The DHHS is doing an end run after the fact, attempting to obliterate information already in the public record by way of the courts.
The World-Herald also is fighting efforts to close a hearing in one of the official safe haven cases.Back in the September 1rst case, we see precisely what Marley and I have been writing about, when one parent dumps a kid, the other parent's parental rights are trampled. Now it appears the boy's father hopes to gain custody.
That case involves a father who left his nine children at a hospital under the safe haven law. The case increased national publicity about the safe haven law.
An HHS attorney filed a motion to close an Oct. 8 hearing a day before the hearing and requested that identifying information about the children and witnesses be removed from public documents.
The HHS attorney argued that the children's need for privacy outweighed the public's interest.
The World-Herald argued that access serves an important function to provide information about the cases. Additionally, family members have granted press interviews.
That decision is on hold while HHS is appealing another issue in the case.
In the police station case, the guardian ad litem filed a motion last week requesting that visits between the teen and his mother be suspended temporarily at the suggestion of the boy's therapist.This morning, the Omaha World-Herald published another article about the closed hearings, Bruning upset haven hearing closed:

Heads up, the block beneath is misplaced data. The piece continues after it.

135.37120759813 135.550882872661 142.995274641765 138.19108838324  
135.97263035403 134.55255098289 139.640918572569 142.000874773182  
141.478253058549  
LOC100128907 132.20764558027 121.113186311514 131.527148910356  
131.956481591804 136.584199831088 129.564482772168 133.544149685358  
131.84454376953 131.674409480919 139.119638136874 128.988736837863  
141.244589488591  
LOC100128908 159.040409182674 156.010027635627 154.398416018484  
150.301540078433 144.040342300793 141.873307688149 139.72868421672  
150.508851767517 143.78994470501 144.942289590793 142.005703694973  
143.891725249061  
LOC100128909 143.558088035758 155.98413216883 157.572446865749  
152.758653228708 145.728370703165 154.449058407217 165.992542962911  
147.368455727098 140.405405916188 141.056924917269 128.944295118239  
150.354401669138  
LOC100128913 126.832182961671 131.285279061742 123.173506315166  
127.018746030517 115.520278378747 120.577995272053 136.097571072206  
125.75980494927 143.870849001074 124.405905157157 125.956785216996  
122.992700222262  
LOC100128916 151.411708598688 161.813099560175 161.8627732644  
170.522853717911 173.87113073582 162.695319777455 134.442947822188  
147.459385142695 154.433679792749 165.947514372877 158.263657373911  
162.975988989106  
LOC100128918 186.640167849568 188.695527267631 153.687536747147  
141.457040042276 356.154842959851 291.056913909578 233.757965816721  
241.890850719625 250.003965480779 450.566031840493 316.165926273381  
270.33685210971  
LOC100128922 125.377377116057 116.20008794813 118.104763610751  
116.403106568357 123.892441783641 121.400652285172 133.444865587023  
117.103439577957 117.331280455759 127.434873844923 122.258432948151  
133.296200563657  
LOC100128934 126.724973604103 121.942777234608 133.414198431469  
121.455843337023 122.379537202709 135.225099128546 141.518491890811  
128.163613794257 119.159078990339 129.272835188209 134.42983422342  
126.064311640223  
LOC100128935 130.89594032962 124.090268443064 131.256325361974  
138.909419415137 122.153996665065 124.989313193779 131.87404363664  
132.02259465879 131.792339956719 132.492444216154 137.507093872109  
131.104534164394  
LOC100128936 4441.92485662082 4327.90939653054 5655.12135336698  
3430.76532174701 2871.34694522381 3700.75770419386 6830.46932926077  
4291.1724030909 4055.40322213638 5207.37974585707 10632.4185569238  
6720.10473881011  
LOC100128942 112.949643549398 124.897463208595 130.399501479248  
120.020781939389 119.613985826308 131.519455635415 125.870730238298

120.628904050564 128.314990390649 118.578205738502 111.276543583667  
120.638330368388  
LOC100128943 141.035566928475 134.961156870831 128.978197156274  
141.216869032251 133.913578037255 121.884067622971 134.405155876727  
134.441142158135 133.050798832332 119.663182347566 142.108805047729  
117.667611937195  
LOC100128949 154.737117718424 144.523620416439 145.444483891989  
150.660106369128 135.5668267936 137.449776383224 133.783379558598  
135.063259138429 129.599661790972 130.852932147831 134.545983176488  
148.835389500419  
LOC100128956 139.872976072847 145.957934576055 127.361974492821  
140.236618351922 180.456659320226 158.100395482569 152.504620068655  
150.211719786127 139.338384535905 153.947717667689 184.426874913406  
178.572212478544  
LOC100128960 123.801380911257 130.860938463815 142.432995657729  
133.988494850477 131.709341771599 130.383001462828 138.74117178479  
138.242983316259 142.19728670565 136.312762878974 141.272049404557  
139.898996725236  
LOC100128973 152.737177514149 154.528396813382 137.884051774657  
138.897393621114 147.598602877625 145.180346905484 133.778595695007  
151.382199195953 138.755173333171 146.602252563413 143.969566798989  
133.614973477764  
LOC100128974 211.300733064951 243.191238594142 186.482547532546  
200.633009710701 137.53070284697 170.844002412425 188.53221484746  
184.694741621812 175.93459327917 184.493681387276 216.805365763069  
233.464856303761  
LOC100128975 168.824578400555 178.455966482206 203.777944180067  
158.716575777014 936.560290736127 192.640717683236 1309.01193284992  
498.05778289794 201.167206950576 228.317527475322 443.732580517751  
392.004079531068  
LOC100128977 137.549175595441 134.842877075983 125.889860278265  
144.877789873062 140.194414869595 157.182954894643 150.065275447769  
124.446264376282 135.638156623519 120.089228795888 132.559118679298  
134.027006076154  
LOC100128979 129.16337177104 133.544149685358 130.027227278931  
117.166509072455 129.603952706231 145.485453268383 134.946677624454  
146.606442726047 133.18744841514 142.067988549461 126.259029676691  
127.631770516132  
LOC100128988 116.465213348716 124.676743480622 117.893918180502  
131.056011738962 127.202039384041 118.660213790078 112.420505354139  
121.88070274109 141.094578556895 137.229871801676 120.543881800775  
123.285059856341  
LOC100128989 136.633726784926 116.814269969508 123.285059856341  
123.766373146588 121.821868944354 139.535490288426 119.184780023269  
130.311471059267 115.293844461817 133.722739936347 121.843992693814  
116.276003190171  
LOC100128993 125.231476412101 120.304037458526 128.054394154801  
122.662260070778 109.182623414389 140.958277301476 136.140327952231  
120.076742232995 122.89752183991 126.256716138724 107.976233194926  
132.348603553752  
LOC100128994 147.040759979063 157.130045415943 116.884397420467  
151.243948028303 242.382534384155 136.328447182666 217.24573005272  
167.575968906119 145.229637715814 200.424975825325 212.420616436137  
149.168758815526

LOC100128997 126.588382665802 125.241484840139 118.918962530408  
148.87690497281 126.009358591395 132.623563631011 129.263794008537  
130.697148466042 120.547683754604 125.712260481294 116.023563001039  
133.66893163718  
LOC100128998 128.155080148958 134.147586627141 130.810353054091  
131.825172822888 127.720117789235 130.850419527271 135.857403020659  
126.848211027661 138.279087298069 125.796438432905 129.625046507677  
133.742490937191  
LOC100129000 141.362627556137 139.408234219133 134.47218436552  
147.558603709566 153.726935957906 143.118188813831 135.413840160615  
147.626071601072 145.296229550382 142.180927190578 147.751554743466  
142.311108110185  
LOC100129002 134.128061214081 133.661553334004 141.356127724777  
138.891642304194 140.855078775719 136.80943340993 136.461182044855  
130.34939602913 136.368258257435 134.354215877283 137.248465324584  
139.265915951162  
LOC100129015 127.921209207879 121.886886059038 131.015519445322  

Action on that motion took place during the closed hearing.
The court's order detailing the mother's plea and any required services for her, determined during the closed hearing, was unavailable by the time the court closed for the day.
Johnson commended the mother for making positive progress.
A portion of the hearing about the boy's father was held in open court.
The couple are divorced, and the mother had legal custody of the teen.
The father has been visiting his son, and HHS workers recommended making those visits unsupervised.
The father's lawyer said he hopes that the teen can live with him.
Nebraska Attorney General Jon Bruning on Tuesday told lawyers for the State Department of Health and Human Services that they may not file motions to close hearings or seal evidence from the public without his consent, which he expects to be rare.Then we learn Juvenile Court Judge Douglas Johnson closed the hearing thinking that the boy abandoned at the police station was a safe haven case, which clearly, according to Nebraska DHHS it never was.